On June 28, 2012, Judge Thomas D. Schroeder of the U.S. District Court for the Middle District of North Carolina gave employers an additional tool for combating an increasingly common EEOC practice of dragging out investigations and the initiation of lawsuits. Judge Schroeder’s decision in EEOC v. PBM Graphics Inc., Case No. 1:11-CV-805 (M.D.N.C. June 28, 2012), addressed, among other issues, prejudice employers may face when the EEOC unreasonably delays pursing a Title VII claim. Judge Schroeder’s opinion is important for employers facing EEOC litigation after lengthy investigations into Title VII violations and seeking to utilize the doctrine of laches.
Background Of EEOC v. PBM Graphics Inc.
In October 2005, the EEOC filed a charge against PBM Graphics Inc. (“PBM”) alleging PBM engaged in employment discrimination by favoring Hispanic workers over non-Hispanic workers in its work-assignment practices. Id. at 35. The EEOC subsequently sent PBM notice of the charge and began its investigation. Id. at 35-36. During the EEOC’s investigation, the EEOC sent PBM numerous requests for information relating to the allegations in the charge. Id. at 36-37. PBM received and responded to the EEOC’s requests for information for more than four years – from December 2005 through February 2010. Id. at 35-42. In late February 2010, the EEOC concluded its investigation, finding evidence that PBM had discriminated against individuals on the basis of race or national origin. Id. at 42. The EEOC issued its Letter of Determination and invited PBM to conciliate. Id. Conciliation efforts failed and, in September 2011, almost six years after the initial charge was filed, the EEOC brought suit against PBM alleging PBM engaged in a pattern or practice of discrimination of favoring Hispanic workers over non-Hispanic workers in violation of Title VII. Id. at 47.
PBM moved for summary judgment on the grounds, among other things, that the equitable doctrine of laches barred the EEOC’s suit. Id. at 57.
The Court’s Ruling
In considering PBM’s motion for summary judgment, the Court noted that Congress did not establish a statute of limitations for civil actions brought by the EEOC, but where the EEOC’s inordinate delay in litigating a dispute significantly prejudices an employer courts have the authority to “locate a just result.” Id. at 57. The defense of laches requires a defendant to prove lack of diligence by the party against whom the defense is asserted, and prejudice to the party asserting the defense. Id. at 57-58. As to the first element, the Court noted the EEOC waited nearly six years between the filing of the charge and the commencement of the lawsuit. Id. at 61. Additionally, the EEOC failed to account for why it needed such lengthy amounts of time to conduct the investigation. Id. Because of this, the Court held this delay was not only lengthy, but unreasonable. Id. at 62. PBM thus satisfied the first element.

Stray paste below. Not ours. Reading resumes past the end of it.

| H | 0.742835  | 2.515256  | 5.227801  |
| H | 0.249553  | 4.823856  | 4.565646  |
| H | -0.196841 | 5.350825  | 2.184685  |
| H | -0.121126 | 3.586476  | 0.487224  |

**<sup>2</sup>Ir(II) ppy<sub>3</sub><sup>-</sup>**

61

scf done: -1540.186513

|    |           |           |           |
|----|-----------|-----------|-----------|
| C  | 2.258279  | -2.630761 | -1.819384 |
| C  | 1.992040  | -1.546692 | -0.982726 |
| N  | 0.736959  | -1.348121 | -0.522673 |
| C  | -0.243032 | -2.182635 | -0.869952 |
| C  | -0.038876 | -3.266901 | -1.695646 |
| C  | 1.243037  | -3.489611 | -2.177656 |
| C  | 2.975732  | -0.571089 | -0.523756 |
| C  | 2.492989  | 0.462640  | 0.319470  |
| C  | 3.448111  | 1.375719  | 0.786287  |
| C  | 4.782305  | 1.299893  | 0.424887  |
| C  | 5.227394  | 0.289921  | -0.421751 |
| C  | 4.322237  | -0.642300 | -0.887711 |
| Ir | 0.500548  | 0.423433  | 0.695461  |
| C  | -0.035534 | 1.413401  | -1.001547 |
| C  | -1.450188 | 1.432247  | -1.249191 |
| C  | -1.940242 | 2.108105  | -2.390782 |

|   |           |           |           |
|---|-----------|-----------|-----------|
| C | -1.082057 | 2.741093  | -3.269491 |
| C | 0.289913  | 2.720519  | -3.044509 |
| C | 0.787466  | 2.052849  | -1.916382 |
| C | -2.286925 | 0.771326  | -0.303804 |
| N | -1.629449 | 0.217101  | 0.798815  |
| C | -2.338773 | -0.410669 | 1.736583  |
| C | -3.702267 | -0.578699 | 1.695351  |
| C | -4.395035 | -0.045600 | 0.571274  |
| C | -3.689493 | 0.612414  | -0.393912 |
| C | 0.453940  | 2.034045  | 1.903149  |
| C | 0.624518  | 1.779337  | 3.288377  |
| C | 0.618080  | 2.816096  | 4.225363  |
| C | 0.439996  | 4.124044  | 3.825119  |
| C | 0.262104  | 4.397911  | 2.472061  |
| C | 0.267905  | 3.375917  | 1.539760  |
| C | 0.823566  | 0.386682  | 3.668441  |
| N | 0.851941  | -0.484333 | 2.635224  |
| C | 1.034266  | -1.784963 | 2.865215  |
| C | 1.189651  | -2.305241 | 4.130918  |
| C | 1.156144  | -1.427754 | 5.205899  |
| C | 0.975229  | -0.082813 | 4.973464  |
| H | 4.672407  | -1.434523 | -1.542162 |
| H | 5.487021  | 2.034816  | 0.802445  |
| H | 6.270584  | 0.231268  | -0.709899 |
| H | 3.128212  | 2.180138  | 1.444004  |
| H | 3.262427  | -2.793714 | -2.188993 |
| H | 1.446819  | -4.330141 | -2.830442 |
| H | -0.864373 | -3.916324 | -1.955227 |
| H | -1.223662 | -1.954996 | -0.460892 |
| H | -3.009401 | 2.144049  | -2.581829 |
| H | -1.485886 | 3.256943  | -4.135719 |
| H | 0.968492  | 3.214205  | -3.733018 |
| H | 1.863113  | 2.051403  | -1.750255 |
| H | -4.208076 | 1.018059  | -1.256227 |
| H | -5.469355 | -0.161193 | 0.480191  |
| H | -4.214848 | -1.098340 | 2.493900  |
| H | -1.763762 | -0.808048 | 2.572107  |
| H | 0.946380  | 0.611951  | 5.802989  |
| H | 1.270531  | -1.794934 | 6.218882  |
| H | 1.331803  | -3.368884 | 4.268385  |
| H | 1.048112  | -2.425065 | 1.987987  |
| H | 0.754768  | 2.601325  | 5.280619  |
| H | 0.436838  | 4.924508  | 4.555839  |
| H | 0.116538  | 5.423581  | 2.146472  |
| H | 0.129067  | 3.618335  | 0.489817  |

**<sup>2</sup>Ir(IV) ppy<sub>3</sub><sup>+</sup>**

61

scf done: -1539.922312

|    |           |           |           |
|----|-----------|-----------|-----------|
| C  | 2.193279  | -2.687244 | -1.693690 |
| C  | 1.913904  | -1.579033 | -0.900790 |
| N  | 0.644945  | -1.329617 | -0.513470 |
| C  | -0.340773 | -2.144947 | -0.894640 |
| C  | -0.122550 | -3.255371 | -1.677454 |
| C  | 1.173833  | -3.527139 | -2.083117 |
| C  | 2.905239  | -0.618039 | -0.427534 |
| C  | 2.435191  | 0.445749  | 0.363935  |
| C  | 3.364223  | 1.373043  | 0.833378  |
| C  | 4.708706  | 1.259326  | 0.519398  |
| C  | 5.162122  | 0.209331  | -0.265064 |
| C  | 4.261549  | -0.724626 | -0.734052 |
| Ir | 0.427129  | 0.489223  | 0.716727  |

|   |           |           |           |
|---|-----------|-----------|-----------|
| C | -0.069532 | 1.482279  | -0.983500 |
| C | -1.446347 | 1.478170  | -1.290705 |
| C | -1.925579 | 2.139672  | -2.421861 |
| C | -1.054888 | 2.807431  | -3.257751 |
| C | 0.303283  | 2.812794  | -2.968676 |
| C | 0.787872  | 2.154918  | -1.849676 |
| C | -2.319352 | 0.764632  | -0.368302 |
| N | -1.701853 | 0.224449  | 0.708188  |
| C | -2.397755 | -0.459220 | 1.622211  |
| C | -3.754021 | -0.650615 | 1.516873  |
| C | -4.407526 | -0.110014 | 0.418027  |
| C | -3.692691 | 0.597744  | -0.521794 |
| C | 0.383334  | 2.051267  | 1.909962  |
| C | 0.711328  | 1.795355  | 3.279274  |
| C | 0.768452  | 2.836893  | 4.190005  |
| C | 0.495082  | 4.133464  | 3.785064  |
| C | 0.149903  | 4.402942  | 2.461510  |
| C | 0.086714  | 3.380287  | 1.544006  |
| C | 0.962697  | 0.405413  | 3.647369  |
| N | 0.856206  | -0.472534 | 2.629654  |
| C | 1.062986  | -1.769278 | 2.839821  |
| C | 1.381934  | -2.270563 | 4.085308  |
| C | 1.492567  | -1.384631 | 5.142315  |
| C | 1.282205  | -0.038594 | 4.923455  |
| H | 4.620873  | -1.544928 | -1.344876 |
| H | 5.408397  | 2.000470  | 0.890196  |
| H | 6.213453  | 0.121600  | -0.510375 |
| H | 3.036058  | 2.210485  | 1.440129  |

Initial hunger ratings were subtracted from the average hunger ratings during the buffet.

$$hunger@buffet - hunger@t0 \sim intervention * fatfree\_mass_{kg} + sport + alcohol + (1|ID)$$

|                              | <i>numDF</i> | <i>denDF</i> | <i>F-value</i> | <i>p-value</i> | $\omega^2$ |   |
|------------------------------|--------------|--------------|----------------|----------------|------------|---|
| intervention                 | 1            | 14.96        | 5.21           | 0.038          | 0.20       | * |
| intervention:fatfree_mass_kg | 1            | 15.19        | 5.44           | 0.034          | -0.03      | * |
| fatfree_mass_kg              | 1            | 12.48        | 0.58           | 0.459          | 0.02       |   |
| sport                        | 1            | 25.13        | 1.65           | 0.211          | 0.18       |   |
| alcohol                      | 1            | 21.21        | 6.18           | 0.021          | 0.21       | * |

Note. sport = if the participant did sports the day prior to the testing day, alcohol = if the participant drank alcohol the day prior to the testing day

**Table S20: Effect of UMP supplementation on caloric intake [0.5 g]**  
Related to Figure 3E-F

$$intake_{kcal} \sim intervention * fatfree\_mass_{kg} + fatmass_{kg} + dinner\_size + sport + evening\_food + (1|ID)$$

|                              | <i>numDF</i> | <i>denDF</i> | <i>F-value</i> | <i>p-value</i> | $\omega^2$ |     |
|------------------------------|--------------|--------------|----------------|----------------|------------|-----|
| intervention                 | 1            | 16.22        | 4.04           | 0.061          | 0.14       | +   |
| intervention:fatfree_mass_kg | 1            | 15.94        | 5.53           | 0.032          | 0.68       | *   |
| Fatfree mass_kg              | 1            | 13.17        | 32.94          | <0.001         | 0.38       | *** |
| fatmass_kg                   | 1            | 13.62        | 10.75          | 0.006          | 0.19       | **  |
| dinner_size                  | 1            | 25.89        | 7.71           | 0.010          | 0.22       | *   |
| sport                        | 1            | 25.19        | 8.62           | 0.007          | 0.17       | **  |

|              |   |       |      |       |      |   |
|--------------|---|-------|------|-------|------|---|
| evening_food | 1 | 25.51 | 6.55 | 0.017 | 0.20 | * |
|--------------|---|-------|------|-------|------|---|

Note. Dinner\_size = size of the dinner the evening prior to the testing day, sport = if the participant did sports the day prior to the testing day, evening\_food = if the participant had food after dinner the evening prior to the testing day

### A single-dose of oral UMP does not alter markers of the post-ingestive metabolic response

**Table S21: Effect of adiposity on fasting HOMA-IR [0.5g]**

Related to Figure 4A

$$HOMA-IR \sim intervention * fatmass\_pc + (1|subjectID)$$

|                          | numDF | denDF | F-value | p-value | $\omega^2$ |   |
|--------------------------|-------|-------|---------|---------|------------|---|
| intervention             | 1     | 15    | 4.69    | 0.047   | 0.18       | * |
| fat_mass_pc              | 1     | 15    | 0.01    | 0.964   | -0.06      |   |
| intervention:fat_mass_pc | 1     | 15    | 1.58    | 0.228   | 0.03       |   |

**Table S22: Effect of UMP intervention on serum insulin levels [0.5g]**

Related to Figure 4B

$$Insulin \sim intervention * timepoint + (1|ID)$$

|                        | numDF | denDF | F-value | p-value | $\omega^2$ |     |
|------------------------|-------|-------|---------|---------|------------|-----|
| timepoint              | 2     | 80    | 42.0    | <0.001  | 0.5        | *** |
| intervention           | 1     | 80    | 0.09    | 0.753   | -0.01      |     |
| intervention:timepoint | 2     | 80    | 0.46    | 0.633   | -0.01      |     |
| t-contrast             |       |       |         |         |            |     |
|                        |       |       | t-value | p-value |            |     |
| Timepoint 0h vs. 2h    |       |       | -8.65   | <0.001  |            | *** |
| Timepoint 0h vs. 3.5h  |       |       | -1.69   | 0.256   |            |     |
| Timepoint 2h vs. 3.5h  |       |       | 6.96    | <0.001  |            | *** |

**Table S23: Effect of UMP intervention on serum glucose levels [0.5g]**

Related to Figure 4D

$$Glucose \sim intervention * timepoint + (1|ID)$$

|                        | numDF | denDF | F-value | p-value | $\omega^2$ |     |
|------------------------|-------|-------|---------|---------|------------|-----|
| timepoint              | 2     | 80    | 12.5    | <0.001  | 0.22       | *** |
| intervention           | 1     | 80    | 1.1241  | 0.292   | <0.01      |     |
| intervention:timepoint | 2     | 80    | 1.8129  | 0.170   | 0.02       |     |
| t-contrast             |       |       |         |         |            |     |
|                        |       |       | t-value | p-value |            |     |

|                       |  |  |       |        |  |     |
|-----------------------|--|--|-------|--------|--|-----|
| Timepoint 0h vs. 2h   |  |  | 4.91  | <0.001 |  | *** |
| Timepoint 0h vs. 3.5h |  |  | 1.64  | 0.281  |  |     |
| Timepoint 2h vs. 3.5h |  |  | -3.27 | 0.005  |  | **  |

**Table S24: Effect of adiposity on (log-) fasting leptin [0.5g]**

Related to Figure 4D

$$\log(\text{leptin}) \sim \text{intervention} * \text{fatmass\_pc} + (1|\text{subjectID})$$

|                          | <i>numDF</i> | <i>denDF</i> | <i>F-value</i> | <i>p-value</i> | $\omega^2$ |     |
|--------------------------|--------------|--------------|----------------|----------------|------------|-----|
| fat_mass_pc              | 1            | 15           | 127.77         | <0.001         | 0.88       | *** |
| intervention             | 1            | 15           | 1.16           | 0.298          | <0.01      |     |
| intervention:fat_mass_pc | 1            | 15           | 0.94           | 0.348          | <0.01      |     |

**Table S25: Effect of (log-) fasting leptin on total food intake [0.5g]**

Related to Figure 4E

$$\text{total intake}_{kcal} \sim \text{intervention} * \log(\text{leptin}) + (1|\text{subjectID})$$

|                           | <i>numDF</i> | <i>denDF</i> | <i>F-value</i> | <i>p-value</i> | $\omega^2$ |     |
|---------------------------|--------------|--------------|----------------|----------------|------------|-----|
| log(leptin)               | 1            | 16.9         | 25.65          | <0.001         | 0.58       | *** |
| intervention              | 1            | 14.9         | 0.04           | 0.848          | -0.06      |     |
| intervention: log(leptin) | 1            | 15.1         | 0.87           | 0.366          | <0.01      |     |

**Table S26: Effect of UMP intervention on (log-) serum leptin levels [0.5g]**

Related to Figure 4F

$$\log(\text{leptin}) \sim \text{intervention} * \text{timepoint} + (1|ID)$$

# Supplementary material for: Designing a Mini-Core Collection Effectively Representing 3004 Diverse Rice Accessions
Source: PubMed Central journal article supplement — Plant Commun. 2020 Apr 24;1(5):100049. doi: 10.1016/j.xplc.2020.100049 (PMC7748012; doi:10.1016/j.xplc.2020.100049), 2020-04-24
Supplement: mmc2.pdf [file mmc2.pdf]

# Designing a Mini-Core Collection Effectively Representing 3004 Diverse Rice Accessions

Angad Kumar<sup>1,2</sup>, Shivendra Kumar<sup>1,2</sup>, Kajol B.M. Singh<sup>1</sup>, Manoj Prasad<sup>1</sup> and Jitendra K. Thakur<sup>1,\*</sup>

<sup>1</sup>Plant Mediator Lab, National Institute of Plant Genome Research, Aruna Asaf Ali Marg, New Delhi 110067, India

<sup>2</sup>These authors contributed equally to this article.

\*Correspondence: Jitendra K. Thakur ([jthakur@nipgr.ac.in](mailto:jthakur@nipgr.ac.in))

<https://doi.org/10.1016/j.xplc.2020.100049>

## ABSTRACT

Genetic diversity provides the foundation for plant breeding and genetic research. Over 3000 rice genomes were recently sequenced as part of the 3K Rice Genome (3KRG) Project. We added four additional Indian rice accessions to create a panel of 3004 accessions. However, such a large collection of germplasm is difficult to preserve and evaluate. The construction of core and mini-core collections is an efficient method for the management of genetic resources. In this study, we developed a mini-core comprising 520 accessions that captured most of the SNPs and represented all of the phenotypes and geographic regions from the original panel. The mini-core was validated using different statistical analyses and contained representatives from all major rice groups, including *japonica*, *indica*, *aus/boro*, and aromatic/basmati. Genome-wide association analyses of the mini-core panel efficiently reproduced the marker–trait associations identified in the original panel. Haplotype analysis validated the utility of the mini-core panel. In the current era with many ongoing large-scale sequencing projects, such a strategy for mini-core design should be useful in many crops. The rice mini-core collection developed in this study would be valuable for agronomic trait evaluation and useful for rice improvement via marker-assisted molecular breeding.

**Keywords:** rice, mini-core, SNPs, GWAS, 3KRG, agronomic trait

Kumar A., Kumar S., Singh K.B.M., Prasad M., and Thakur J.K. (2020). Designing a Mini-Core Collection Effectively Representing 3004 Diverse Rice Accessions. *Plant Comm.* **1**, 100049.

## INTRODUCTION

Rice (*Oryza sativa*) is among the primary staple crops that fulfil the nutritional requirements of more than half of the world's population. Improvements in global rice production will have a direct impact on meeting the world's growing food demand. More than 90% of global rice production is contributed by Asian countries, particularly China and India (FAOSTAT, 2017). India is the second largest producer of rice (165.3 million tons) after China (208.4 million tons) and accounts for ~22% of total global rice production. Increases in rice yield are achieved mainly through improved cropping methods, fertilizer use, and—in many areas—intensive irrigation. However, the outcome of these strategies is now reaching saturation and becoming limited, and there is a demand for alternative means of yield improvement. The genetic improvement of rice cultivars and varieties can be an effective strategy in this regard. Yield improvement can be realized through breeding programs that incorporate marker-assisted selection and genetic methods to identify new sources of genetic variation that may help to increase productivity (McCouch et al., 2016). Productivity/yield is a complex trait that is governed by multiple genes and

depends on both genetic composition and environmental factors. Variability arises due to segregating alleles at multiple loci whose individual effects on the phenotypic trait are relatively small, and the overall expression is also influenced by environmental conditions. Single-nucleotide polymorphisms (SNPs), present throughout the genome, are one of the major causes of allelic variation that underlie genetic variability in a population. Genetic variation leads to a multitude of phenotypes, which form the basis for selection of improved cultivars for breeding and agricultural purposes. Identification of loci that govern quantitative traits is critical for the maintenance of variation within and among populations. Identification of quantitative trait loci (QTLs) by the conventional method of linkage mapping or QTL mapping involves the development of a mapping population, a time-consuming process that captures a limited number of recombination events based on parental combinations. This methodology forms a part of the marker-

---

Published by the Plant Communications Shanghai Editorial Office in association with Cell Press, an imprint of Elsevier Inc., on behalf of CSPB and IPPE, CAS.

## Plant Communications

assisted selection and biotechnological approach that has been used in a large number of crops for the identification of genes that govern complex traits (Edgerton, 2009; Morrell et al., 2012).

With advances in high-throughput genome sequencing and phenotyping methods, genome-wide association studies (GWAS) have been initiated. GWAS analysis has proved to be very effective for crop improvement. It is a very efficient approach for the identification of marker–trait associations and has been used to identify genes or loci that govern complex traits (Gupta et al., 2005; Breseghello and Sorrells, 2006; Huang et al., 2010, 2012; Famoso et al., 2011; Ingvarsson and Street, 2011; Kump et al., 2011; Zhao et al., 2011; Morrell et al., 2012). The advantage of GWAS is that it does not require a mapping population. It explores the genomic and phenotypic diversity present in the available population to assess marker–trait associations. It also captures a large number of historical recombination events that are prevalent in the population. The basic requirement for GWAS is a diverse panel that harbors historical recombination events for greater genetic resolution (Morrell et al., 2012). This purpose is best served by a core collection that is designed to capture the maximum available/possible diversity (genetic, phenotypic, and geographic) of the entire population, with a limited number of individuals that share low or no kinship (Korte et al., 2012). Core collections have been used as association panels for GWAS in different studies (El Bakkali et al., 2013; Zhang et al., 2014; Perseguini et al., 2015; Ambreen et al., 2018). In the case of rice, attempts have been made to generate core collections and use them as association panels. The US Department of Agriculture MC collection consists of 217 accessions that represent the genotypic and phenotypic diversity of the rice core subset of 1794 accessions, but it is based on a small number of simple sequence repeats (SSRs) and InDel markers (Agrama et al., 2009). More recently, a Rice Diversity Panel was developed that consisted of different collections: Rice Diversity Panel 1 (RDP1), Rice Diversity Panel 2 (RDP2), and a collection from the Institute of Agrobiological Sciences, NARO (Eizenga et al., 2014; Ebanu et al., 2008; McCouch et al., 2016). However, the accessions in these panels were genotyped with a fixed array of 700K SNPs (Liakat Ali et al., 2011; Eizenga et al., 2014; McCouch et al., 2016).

As to the second element, the Court was unable to find PBM was prejudiced on the present facts because the EEOC had yet to fully explain its theory of its case, disclose how it calculated evidence of discrimination, or disclose which employees were allegedly discriminated against. Id. at 65. The Court noted that although PBM pointed to particular employees who had faded memories of events, passed away, and left its employment, in the absence of more concrete information from the EEOC about the type of proof it will use to establish its case, PBM could not determine whether these faded memories, deaths, and departures will result in specific prejudice to its ability to mount a credible defense. Id. at 65-66. The Court acknowledged PBM’s argument may have merit and was reluctant to subject PBM to a costly and potentially lengthy discovery period when serious issues of equity could prevent the Court from ever reaching the merits of the case. Id. at 66. Therefore, the Court ordered a period of limited discovery confined to two issues, including: (1) the EEOC’s theory of the case, and (2) any prejudice to PBM. Id. at 69. Once limited discovery was completed, the Court stated PBM could renew its motion for summary judgment or elect to abandon it. Id.
Implications For Employers
The Court’s ruling in EEOC v. PBM Graphics Inc. makes clear the EEOC cannot investigate claims for lengthy periods of time without running the risk that its claims may be dismissed under the equitable doctrine of laches. The Court’s ruling acknowledges the significant prejudice employers may face if the EEOC drags its feet during the investigation process and specifically discusses the possibility that claims may be dismissed when the EEOC fails to diligently purse its case. EEOC v. PBM Graphics Inc. and similar cases not only give employers a potential way to dismiss the EEOC’s discrimination claims, but also give employers a bargaining chip to use during the conciliation process before litigation has begun. By informing the EEOC of the possibility its claims may be dismissed under the equitable doctrine of laches, the EEOC may be more willing consent to a conciliation agreement, thereby helping the employer avoid costly litigation.